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Hot Pink Marilyn (2014), 1.5 H x 1 W’ & larger sizes-”Stars’ Angels’ Series”-Gilda Oliver Digital Art Prints/Paintings/Sculpture

GILDA OLIVER digital paintings and prints

Lurie Gallery

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Isabella Thorn, founder of Bella Hearts, has been painting since she was 18 months old under the tutelage of her grandmother artist Gloria Lee. What started as a window display for Valentine’s Day has turned into a career. Isabella has created and sold over 500 Bella Hearts that have landed in the homes of collectors all over the world. Bella has a true heart for those who are in need and suffering. Her desire in painting hearts is to bring hope and love to all. This year Bella will be the featured child artist of the American Heart Association and will be making appearances in San Diego and Las Vegas. She is also donating portions of her Bella Heart sales to the Syrian refugees efforts, to give back to the children who have lost their family and their home.

EXCLUSIVE COLLECTIONS GALLERIES 800-599-7111 San Diego, Las Vegas, Laguna Beach • www.ecgallery.com Page 6 • SunStorm/Fine Art • Spring 2017

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From our Shores to Yours

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“Dalissimus,” 1997 acrylic and oil 39⅜” x 31⅞”

For further information about the works of Milinkov, e-mail milinkovl@free.fr 14 • Fine Art Magazine • Fall 2015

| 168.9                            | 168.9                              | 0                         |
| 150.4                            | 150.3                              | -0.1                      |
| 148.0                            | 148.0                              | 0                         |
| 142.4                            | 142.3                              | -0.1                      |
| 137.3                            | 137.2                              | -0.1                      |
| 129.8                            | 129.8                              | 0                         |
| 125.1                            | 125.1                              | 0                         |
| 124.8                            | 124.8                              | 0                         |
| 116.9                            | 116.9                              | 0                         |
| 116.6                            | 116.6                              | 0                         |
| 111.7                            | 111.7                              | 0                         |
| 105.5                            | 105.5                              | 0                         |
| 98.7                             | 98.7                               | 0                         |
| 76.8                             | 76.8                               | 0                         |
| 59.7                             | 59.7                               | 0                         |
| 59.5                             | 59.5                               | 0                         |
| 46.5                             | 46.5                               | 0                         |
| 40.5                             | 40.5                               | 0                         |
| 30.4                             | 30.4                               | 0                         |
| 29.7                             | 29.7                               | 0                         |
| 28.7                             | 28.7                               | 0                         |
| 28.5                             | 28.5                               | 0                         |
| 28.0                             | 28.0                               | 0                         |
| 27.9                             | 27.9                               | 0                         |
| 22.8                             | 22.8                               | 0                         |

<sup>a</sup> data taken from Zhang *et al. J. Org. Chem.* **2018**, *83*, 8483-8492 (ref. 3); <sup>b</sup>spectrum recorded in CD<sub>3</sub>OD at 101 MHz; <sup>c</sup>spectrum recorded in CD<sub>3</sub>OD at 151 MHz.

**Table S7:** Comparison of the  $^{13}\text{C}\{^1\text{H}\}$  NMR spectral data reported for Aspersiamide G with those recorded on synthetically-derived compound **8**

Turn-of-the-Century Syria in a Post-ISIS World

Portrait: Femme arabe Syrienne, Photograph by Bonfils ca. 1899 - 1900


S SYRIA’S ONGOING CIVIL WAR, staggering death toll, and displacement of thousands of refugees threatens to destroy Syrian culture, the Palace of the Governors will display seven albums of photographs of historic sites in Syria taken between 1899 and 1909. Entitled Syria: Cultural Patrimony Under Threat, the exhibition will include multi-functional information kiosks with insights into Syrian people and culture. The exhibition opens Friday, June 23 and runs through December 2017. Partnering with Curators Without Borders, a non-profit that specializes in innovative museum collaborations for humanitarian response, the exhibition highlights the vast collection of albumen prints, showing not only the historic sites now destroyed in Syria, but representations of its people in adjacent collections within the Photo Archives. Since 2015, Syria’s most important archaeological sites, including the Temples of Baalshamin and Bel and the Roman ruins of Palmyra, a UNESCO World Heritage Site since 1980,

were dynamited by members of the Islamic State (ISIS), a radical offshoot of Al Qaeda. The fallout of Syria’s ongoing civil war has taken tens of thousands of lives and caused the monumental diaspora of hundreds of thousands of Syrian refugees across the world. “Today, significant aspects of Syrian culture, both ancient and contemporary, stand at the brink of destruction,” said Andrew Wulf, executive director of the New Mexico History Museum. “This exhibition features photographs taken by Princeton archaeology professor Howard Crosby Butler during three separate expeditions to Syria at the dawn of the 20th century. They show the immediacy of the threat to cultural patrimony and the toll this loss exacts on humanity.” For many years, these albums of Butler’s photos were part of the Edgar Lee Hewitt Collection at the Museum of New Mexico. Residing in the Laboratory of Anthropology, they were transferred to the Palace of the Governors Photo Archives in 1976. SunStorm/Fine Art • Spring 2017 • Page 9